We love to look back on the past and select stories of people who embody our values, people who inspire us because of great deeds, people who make us feel proud. That’s one reason why we erect monuments—to remember great men and women who have accomplished significant feats. We want to enter into and identify with their greatness.
In the United States, our presidents often receive some of our grandest accolades. We have even carved their faces out of rock in the hills of South Dakota. The four men whose faces are depicted there capture for us the hope that Americans can aspire to greatness and do magnificent deeds.
But all our heroes fail us.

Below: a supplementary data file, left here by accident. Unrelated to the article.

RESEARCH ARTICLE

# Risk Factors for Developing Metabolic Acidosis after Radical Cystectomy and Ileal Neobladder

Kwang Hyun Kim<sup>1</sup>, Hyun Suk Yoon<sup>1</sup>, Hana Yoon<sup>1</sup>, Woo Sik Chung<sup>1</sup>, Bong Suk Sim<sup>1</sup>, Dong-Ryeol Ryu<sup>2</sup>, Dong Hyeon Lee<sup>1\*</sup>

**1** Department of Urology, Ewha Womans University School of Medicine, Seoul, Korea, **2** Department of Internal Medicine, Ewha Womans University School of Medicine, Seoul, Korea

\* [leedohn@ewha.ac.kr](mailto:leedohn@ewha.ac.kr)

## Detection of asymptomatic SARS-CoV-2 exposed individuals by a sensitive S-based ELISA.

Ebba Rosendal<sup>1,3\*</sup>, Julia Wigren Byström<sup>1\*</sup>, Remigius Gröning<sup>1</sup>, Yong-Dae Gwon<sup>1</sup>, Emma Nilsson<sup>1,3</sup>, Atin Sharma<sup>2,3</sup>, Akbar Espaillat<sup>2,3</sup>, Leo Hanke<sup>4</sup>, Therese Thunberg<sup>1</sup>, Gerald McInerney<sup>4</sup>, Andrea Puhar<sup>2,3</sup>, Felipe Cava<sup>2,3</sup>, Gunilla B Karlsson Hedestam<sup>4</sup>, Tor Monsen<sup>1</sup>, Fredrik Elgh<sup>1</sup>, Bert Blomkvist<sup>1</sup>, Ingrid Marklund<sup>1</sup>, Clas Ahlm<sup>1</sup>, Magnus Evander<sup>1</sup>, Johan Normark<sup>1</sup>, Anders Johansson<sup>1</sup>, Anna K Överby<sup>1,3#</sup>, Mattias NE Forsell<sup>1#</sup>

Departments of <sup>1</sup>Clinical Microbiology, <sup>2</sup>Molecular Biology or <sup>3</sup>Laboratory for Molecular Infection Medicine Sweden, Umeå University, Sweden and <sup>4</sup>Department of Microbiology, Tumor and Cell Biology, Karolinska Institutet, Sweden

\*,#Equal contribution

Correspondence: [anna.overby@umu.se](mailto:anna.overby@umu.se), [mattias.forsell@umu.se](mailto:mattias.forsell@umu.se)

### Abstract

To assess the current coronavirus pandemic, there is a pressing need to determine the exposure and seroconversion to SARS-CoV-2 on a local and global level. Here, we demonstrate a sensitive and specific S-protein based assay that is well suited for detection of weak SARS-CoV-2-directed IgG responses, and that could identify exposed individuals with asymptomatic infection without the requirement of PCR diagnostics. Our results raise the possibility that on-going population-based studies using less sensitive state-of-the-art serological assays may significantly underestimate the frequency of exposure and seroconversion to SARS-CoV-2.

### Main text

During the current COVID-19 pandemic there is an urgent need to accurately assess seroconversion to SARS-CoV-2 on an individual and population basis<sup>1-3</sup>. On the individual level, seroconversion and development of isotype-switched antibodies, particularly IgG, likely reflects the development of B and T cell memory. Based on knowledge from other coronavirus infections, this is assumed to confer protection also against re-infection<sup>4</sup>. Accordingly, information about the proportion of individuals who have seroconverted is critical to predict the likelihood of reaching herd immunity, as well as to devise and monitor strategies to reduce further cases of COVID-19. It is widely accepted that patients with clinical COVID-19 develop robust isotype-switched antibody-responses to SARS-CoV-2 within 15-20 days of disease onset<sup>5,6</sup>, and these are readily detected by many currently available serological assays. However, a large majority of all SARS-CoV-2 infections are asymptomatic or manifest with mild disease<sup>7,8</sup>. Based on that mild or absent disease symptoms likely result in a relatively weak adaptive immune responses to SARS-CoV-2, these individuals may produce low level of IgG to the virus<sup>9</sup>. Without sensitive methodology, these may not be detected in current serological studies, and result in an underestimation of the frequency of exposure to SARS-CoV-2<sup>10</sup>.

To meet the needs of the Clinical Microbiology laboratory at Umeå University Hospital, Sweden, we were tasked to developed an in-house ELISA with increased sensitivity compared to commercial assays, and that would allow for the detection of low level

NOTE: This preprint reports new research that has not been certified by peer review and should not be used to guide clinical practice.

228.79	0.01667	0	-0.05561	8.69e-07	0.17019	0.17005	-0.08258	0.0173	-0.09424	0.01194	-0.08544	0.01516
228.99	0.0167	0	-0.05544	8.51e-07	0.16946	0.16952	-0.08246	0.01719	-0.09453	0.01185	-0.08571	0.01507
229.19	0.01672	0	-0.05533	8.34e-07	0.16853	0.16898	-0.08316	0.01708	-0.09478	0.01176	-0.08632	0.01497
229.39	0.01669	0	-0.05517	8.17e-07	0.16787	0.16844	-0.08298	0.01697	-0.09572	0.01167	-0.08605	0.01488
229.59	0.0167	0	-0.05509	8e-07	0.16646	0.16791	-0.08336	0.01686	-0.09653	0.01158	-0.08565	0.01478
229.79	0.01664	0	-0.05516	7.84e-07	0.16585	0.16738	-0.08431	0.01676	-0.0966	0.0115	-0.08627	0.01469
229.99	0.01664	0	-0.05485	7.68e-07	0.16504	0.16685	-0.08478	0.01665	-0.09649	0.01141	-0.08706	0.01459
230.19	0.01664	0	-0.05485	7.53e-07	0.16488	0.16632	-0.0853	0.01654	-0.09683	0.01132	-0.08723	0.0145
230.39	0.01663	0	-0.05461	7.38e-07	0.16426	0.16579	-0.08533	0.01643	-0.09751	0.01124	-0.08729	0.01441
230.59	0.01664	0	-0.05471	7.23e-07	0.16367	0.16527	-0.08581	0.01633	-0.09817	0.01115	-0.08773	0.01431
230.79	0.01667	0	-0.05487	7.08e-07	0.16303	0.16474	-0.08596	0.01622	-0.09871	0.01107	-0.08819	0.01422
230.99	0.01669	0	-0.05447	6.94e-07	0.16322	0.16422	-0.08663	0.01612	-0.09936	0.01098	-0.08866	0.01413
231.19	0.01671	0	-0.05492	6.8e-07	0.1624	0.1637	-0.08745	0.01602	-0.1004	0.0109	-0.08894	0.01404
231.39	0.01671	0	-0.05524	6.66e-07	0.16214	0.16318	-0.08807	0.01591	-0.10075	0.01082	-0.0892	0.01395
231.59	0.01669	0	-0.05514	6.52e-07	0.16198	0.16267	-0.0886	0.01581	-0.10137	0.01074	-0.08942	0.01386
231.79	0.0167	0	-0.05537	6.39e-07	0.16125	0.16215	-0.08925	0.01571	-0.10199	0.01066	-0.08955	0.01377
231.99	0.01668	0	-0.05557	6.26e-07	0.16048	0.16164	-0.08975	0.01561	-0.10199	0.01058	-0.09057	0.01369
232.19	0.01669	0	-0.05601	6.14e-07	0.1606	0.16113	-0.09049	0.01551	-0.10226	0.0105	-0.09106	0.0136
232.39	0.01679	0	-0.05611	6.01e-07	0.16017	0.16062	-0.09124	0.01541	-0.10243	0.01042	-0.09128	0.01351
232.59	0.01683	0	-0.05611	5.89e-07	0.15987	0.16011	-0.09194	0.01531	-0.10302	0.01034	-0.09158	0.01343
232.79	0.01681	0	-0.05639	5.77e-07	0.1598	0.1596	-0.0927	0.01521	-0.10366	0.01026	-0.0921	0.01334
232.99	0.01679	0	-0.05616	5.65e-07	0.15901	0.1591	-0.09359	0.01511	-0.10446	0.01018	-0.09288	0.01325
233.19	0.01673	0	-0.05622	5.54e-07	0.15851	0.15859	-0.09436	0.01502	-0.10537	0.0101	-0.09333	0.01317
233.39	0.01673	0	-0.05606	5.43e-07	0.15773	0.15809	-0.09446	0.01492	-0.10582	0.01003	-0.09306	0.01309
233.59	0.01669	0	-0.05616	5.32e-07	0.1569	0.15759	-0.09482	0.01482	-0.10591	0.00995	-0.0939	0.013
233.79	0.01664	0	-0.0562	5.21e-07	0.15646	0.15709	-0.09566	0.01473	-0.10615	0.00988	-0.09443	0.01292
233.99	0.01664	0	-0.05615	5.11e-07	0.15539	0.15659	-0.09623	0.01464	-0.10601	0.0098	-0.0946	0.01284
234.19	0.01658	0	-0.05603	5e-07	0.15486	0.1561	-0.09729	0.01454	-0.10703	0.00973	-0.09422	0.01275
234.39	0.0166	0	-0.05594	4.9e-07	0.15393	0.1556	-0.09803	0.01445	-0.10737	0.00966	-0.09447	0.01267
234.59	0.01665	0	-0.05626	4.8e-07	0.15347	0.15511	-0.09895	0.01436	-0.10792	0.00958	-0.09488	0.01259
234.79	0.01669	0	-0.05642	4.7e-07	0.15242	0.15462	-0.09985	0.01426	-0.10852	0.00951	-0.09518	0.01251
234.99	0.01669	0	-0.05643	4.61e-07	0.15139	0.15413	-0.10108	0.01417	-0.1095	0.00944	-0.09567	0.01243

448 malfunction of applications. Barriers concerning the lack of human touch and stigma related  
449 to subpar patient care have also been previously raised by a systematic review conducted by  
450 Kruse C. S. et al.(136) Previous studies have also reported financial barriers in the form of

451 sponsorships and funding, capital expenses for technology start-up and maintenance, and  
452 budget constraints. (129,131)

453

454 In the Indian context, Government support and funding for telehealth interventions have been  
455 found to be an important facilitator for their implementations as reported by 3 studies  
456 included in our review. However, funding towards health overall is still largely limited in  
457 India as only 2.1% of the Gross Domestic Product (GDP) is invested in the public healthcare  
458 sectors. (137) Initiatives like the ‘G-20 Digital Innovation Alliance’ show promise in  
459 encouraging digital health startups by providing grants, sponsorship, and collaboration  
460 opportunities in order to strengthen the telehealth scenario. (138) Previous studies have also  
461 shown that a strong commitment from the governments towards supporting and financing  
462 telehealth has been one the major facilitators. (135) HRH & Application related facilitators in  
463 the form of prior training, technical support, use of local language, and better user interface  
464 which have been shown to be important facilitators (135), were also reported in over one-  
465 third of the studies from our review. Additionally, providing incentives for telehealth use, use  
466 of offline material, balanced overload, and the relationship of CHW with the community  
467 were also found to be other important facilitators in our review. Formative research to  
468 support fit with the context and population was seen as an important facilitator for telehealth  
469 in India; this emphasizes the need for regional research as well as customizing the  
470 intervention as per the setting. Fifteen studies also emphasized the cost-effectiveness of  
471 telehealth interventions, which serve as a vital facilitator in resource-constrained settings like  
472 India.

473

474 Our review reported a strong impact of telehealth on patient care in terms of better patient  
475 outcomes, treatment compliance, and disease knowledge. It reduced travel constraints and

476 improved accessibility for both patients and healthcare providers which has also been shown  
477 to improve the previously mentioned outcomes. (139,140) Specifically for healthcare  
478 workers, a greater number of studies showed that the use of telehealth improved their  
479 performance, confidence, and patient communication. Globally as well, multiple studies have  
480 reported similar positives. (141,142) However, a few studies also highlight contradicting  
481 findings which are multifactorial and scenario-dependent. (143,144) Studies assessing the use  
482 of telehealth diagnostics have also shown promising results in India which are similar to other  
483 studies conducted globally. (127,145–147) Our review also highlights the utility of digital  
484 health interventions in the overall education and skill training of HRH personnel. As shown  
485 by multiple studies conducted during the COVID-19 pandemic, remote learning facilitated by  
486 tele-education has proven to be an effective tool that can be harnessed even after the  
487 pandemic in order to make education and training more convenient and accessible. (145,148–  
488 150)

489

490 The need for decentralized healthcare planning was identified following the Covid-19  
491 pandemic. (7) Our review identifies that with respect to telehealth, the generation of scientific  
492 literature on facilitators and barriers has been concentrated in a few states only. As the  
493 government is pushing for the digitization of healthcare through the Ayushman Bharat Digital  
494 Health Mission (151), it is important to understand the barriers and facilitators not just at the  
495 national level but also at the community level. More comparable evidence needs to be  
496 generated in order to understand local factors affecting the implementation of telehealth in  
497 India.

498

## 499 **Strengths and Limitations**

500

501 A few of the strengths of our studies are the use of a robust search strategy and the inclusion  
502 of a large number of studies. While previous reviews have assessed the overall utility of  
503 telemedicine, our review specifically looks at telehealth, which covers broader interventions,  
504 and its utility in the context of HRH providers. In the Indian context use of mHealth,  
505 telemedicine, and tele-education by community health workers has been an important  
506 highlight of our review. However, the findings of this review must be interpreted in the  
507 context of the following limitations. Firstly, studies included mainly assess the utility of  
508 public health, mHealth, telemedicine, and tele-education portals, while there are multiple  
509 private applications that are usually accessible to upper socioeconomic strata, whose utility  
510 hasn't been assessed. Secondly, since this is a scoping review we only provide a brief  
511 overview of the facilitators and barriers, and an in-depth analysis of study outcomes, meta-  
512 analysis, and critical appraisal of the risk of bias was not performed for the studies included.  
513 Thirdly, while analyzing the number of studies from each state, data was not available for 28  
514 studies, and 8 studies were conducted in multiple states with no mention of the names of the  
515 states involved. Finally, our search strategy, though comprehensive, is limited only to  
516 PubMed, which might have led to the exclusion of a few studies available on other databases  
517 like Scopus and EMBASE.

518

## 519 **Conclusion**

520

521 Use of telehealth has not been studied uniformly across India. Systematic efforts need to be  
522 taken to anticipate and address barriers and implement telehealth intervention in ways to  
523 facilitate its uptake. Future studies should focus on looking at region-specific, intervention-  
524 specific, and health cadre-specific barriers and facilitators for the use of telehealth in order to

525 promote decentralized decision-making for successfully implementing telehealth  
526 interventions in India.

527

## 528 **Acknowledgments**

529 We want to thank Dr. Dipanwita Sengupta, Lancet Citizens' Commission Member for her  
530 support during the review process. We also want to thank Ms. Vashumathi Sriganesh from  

When thinking of the colonial period in American history, many commonly known stories and people likely come to mind, from Jamestown and the Pilgrims to the Puritans of Massachusetts Bay and the wars with the Indians to the Great Awakening and the colonial resistance to British rule. Yet the American colonial period is rich with all kinds of stories that often fail to get much attention: the West, the backcountry, slaves, women. Thomas Kidd’s American Colonial History: Clashing Cultures and Faith (New Haven, CT: Yale University Press, 2016) treats readers to a full smorgasbord of early American historical fare, retelling the commonly known stories (with rich details and some corrections) and also enriching our understanding of the colonial period with narratives of the lesser known but equally important people from the time.